It is a political reality nowadays that the courts, and in particular the U.S. Supreme Court, trump the democratic process. Regardless of whether the Framers of the Constitution intended it to be so or not, we live in a de facto judge-run oligarchy. No number of laws–or votes–can overcome a court bent on enforcing its own views in the name of federal (or state) “constitutional rights.”
Liberals know this. They also know that the core of their political agenda will rarely, if ever, command majoritarian support. Thus, stocking the bench with liberal judges and justices is absolutely essential to liberals.
And so we hear endless liberal moaning about what would happen should President Bush have the opportunity to appoint one or more Supreme Court justices.
Well, as a matter of fact, almost nothing would change under a second Bush term. The member of the Court most likely to retire is Chief Justice William Rehnquist, a strong conservative, and it is hard to see how his replacement could shift the Court to the right. Moreover, a solid majority of the U.S. Senate has made it clear that only over their dead bodies will any conservative justices win confirmation. So a second Bush term would likely see More of the Same.
But what if Sen. John Kerry captures the presidency? What if this committed liberal Democrat gets to pick Rehnquist’s replacement?
The current Supreme Court is split into three camps. There are four dependable liberals (John Paul Stevens, David Souter, Ruth Bader Ginsburg, and Stephen Breyer), three dependable conservatives (Rehnquist, Antonin Scalia, and Clarence Thomas), and two unpredictable swing votes (Sandra Day O’Connor and Anthony Kennedy). Replacing Rehnquist with another dependable liberal–as a President Kerry would certainly do–would give the liberal bloc a stranglehold on the Court.
That would mean the complete victory of the liberal agenda. For example:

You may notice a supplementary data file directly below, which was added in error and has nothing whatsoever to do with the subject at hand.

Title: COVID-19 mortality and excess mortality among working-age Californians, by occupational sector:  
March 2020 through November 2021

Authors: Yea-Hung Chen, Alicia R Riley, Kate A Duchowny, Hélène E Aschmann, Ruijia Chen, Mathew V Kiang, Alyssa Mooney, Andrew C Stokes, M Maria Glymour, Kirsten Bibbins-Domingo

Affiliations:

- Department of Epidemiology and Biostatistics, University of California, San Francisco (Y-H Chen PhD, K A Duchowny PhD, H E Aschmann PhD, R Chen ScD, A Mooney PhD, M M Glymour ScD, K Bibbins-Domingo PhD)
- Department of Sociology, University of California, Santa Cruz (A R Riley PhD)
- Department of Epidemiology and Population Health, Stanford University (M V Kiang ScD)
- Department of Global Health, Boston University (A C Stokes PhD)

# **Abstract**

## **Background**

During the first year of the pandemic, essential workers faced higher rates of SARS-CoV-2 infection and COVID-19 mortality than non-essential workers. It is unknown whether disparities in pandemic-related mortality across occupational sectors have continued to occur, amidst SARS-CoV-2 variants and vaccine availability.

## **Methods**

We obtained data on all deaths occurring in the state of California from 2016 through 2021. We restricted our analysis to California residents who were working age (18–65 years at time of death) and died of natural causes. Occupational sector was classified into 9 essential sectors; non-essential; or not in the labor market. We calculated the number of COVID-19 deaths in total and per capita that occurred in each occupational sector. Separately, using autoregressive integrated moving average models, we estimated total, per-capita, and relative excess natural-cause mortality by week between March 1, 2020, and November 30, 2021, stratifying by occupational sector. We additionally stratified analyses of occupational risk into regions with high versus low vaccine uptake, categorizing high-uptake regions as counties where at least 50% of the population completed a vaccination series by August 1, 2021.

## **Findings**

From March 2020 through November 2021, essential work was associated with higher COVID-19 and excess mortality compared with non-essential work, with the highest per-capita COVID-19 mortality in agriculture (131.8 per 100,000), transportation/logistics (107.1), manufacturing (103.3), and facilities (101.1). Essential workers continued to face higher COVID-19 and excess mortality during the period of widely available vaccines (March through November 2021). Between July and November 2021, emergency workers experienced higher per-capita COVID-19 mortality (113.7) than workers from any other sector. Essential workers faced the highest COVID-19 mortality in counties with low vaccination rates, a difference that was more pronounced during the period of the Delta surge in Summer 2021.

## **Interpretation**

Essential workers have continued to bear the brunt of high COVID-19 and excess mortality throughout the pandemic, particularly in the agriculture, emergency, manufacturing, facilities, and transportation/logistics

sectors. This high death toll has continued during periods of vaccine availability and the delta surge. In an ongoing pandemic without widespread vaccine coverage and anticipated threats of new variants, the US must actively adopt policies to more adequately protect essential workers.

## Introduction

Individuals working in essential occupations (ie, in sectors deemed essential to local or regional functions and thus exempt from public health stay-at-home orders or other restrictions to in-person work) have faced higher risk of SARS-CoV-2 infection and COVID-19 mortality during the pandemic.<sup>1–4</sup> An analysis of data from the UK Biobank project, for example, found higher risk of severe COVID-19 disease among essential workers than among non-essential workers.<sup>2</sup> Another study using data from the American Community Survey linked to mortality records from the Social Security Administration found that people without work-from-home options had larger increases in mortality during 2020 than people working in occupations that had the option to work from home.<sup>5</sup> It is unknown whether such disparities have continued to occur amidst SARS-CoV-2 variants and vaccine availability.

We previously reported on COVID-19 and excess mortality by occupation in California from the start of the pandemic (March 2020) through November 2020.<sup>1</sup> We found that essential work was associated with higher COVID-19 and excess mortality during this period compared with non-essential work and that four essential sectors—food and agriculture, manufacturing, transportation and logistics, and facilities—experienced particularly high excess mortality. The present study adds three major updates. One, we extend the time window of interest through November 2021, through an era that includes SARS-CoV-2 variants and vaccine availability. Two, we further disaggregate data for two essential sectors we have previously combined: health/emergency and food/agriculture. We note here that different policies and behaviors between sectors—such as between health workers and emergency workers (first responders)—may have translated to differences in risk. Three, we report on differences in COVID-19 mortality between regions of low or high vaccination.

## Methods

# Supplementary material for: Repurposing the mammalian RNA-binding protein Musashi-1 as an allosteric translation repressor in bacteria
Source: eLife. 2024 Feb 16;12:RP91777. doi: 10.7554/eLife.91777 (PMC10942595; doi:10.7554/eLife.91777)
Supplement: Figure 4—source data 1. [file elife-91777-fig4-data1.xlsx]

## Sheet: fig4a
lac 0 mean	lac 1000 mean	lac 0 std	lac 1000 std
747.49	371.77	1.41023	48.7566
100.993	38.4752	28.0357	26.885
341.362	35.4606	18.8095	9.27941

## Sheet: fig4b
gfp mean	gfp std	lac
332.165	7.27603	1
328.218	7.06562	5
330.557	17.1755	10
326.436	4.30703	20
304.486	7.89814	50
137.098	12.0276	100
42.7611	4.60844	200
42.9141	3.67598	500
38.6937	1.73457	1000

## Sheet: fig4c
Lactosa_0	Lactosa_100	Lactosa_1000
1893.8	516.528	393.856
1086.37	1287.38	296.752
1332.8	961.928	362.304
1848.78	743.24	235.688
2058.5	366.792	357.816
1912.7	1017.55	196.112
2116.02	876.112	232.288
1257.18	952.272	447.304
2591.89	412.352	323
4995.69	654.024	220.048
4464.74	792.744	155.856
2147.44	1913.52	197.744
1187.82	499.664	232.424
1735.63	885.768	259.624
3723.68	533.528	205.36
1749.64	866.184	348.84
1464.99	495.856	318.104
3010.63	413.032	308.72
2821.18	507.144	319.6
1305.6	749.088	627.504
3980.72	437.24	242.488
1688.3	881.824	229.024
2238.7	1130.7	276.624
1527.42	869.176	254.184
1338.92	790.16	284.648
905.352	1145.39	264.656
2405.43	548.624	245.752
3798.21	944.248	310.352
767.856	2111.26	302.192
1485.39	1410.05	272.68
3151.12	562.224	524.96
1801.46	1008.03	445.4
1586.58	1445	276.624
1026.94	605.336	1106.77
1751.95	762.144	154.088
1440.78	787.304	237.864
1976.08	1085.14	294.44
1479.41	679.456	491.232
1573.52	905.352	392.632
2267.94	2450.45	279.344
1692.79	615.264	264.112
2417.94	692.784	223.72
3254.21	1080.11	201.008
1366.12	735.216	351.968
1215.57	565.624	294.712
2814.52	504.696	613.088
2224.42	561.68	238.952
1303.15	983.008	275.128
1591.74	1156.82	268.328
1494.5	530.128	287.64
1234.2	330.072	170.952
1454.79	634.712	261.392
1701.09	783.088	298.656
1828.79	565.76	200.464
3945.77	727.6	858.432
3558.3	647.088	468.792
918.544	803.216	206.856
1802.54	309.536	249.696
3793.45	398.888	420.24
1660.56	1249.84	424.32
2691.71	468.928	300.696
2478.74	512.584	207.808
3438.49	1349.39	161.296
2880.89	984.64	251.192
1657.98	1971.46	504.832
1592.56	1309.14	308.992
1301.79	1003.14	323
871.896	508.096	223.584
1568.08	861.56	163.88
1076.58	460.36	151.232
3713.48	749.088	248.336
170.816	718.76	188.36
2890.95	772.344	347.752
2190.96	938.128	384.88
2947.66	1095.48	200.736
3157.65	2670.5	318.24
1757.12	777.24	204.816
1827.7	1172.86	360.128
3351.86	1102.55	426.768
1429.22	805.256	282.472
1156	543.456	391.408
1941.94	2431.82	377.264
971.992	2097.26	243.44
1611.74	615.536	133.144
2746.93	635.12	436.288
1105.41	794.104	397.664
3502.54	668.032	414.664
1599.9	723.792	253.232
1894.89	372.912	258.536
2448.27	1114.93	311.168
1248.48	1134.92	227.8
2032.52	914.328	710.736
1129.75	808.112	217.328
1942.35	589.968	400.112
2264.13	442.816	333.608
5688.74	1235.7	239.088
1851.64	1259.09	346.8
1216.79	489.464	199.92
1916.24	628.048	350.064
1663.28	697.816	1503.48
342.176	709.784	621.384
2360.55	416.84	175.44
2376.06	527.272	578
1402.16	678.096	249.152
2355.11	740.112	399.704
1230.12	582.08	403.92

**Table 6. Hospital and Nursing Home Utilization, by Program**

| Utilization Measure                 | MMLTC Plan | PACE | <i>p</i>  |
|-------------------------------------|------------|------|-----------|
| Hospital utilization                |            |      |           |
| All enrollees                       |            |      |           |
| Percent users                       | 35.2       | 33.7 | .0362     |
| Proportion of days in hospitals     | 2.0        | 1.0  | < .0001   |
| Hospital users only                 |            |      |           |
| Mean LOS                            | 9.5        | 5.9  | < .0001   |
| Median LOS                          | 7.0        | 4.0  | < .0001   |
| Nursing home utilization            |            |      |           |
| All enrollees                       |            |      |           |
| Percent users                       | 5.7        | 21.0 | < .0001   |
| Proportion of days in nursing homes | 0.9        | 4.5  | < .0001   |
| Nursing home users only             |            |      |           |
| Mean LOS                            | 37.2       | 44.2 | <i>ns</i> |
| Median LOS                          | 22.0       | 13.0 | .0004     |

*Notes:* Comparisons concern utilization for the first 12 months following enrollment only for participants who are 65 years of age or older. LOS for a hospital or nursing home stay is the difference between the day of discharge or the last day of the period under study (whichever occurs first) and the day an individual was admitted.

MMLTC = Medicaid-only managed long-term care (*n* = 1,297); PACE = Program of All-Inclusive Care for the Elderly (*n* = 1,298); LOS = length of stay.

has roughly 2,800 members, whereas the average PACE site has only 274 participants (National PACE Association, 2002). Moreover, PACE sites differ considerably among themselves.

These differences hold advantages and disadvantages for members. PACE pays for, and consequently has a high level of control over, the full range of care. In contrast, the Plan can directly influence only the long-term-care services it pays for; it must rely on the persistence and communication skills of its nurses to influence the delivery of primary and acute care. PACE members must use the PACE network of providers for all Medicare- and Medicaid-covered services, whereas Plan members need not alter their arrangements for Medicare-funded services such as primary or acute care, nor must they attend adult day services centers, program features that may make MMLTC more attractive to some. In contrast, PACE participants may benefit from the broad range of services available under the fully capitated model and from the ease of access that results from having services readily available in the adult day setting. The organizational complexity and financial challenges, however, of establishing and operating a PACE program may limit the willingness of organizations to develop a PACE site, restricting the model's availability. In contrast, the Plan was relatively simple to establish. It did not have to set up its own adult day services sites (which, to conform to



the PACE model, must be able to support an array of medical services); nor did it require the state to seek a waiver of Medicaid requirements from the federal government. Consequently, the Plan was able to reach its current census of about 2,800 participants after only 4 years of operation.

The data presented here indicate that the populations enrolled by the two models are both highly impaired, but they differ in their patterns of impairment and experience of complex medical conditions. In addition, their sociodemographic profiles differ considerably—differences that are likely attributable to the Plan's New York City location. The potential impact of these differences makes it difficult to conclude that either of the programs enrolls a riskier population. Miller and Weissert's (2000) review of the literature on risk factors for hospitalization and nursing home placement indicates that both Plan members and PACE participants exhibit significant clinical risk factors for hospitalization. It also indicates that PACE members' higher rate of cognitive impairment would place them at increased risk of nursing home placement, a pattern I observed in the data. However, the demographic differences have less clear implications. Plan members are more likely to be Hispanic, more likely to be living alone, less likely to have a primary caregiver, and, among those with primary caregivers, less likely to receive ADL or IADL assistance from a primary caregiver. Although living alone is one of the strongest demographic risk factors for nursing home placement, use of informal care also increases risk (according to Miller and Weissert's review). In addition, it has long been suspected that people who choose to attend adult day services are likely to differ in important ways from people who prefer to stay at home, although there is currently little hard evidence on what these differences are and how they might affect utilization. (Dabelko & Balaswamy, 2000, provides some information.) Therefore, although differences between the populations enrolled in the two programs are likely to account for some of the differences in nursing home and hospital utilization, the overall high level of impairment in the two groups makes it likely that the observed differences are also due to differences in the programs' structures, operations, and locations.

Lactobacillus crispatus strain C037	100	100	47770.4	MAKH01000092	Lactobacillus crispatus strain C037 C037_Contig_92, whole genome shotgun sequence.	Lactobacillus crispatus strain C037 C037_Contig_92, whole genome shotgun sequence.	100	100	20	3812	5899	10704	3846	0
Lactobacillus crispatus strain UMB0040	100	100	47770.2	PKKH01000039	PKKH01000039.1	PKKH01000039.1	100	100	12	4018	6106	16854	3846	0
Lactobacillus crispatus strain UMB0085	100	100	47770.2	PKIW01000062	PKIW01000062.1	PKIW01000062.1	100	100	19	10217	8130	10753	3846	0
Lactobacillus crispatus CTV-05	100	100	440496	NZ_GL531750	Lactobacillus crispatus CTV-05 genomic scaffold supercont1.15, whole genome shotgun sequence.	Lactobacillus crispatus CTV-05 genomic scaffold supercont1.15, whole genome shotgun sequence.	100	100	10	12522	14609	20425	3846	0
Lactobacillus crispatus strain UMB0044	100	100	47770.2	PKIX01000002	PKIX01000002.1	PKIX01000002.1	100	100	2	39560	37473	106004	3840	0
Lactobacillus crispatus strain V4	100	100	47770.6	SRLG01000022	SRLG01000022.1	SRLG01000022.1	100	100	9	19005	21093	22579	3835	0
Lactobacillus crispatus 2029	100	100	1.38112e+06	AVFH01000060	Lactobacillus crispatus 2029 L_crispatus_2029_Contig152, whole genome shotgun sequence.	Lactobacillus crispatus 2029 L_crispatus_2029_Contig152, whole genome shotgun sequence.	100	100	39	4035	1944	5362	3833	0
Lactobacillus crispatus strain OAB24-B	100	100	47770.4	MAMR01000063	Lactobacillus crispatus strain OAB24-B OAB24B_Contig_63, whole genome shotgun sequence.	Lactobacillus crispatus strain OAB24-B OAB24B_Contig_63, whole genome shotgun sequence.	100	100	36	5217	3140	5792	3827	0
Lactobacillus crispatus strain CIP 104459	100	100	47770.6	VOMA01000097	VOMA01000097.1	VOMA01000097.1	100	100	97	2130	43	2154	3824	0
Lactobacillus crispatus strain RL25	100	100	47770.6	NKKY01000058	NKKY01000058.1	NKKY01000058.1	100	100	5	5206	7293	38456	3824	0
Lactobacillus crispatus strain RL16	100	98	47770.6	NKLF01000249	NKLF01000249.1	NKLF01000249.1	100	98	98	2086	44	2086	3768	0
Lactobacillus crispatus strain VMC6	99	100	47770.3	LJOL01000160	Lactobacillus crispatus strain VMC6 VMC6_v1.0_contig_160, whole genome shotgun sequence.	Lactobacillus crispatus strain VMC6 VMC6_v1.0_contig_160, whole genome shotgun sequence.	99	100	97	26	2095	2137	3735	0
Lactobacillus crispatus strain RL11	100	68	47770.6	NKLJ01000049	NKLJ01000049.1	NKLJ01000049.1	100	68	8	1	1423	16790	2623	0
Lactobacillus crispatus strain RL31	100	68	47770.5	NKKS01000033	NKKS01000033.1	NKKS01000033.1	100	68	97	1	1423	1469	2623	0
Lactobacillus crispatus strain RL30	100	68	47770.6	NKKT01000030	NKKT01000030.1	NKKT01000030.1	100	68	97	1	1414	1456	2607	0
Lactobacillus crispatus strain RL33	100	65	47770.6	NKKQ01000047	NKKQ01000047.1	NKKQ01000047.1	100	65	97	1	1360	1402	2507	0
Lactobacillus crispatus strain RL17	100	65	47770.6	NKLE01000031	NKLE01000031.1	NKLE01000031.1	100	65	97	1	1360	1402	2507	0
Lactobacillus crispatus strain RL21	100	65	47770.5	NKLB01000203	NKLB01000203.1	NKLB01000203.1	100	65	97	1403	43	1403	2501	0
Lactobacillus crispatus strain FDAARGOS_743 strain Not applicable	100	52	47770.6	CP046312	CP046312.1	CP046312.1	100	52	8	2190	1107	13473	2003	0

‐ No more vouchers for use in religious schools: Vouchers that needy parents can use to send their children to private religious schools escaped constitutional death in the Supreme Court by the barest of margins, 5-4. A liberal replacement for Rehnquist would flip the balance.
‐ Homosexual Boy Scout Leaders: The last time around, the Boy Scouts squeaked by with a 5-4 ruling saying they did not have to admit openly homosexual scout leaders. Say goodbye to the Scouts if Kerry gets to select Rehnquist’s replacement.
‐ Unlimited federal-government power: A slim 5-4 majority in a string of cases has enforced some modest limits on federal power under the Commerce Clause, the Tenth Amendment, and the Eleventh Amendment. Even those few limits would evaporate under a Kerry-picked Court.
‐ Same-sex marriage and homosexuals in the military: There are already five or six pro-homosexual votes on the Supreme Court, as evidenced by the Court’s 6-3 invalidation of a homosexual-sodomy statute in Lawrence v. Texas. Add another liberal and you can bank on total victory for the homosexual agenda.
‐ Abortion on demand: There are already five votes for even the most extreme forms of abortion, such as partial-birth abortion. Put a Kerry appointee in for Rehnquist, and it won’t matter whether Justice O’Connor changes her mind.
‐ “Under God” in the Pledge: The Court recently dodged the constitutionality of the phrase “under God” in the Pledge of Allegiance, so this remains a live issue. And while swing-vote Justice O’Connor indicated she would uphold the pledge, her vote would be irrelevant if a fifth liberal were added to the four current “strict separationists.”
‐ Farewell Christmas crèches and Ten Commandments displays: These displays are up for grabs in the current Supreme Court. Let Kerry put a fifth “strict separationist” on the Court, and all government acknowledgment of religion is likely dead on arrival.
Liberals are understandably salivating at the prospect of a Kerry administration. Win that, and they win the Supreme Court. Win the Court, and they win control of the country.
All in favor, say “aye.” All opposed–well, your votes won’t matter anyway.
–Walter Weber is a lawyer in Washington, D.C. This piece is written in his capacity as a private attorney and does not necessarily reflect the views of his employer.